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Are You a Reluctant Writer?

Military memoirs were the rage in the decades following the Civil War. Some were credible, making a helpful contribution to the history of the war, like the memoirs of William Tecumseh Sherman, James Longstreet, or Philip Sheridan. But many were self-serving vanity pieces that minimized the faults of the commander, embellished his accomplishments, and took potshots at political enemies.

Raised by his Methodist mother, Hannah Grant, to carry himself in humility, Ulysses S. Grant found many of these memoirs distasteful. So when his friend, Mark Twain, tried to convince Grant to write his memoirs for his new publishing house, Charles Webster and Company, the general rebuffed him like he did every other attempt by publishers to secure his book.

“Oh, I’m not going to write any book,” he told a Saint Louis reporter not long after leaving the White House. “There are books enough already.”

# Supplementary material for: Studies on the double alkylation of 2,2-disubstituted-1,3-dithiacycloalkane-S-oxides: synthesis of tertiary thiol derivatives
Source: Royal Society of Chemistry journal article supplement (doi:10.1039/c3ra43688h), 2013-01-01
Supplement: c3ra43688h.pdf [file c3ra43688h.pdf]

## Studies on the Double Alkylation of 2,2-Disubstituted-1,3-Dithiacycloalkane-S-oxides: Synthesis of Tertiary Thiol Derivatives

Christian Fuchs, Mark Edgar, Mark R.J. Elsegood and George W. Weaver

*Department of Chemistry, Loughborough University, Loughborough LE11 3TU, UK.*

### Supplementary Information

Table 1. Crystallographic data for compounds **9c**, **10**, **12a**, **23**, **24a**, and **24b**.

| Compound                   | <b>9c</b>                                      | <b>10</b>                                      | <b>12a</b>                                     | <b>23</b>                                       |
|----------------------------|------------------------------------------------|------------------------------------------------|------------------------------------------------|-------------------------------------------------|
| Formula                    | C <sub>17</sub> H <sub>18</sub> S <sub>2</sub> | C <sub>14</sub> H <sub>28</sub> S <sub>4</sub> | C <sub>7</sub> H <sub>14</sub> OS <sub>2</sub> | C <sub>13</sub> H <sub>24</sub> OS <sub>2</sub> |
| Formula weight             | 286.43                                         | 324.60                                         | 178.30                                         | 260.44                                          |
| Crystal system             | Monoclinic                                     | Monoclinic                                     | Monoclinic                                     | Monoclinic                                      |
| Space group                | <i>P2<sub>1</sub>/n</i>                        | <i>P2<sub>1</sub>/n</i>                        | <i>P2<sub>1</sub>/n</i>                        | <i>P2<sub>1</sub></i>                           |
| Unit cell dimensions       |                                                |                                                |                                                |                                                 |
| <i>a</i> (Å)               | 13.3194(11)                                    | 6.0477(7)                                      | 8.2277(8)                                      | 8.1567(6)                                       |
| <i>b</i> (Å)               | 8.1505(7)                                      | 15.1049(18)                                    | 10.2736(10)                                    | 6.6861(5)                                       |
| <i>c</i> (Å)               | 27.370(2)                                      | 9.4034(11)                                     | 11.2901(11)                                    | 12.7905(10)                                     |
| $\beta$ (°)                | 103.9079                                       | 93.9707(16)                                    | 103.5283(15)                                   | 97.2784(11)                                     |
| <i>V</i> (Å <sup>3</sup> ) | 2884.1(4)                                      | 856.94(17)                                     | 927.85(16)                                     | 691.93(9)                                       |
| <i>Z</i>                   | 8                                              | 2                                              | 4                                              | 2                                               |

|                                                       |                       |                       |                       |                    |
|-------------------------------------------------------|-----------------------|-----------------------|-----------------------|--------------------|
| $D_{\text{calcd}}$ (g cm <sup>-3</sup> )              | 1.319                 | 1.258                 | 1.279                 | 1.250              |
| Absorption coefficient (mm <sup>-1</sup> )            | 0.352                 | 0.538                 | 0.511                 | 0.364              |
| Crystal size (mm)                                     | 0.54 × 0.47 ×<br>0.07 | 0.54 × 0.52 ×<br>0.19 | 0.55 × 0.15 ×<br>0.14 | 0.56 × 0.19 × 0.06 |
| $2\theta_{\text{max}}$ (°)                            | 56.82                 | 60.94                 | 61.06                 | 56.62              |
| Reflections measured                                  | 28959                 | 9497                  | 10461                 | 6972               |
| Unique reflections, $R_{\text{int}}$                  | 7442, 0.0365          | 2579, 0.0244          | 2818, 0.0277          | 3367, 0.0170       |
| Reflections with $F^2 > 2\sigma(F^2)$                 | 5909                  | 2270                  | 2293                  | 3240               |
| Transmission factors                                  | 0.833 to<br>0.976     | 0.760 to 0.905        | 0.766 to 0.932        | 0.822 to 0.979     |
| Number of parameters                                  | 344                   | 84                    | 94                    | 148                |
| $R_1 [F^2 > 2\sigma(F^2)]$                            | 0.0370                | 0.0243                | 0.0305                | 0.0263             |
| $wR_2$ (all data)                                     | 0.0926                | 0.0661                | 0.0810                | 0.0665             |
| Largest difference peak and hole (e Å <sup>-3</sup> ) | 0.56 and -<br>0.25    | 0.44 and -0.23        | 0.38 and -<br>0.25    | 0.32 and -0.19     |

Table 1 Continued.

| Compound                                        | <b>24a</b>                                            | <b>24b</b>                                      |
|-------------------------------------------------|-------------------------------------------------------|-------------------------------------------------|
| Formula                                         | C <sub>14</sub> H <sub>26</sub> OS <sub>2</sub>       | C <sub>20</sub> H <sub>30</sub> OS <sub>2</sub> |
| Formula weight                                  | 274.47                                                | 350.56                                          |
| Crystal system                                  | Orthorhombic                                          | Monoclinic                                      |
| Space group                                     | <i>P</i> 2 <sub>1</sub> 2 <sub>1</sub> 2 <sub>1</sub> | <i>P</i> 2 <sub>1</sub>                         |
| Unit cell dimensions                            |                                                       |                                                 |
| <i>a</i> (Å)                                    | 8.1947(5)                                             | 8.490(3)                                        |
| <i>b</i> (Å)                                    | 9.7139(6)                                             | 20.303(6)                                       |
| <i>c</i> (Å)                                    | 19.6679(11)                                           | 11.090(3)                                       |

But then his investment firm, Grant & Ward, was destroyed by an unscrupulous business partner in a massive Ponzi scheme. Grant was left penniless and was forced to reconsider Twain’s offer. In addition to being nearly bankrupt, the general was also concerned with how he was viewed by the general public in the wake of the Grant & Ward swindle.

When it seemed things could not get any worse, they did. On June 2nd, 1884, Ulysses took a bite of a peach and immediately shot up from the table in tremendous pain. “Oh my,” he exclaimed, “I think something has stung me from that peach.” The pain continued and finally on October 22nd, Grant went to see a doctor.

During the examination, Grant could read the verdict in the doctor’s facial expression. “Is it cancer?” the general inquired. Sadly, the answer was yes, and the disease was incurable. Now penniless and dying of cancer, Grant immediately set out to write his memoirs in order to secure the financial future of his wife. He eventually agreed that the book would be published his friend, Mark Twain.

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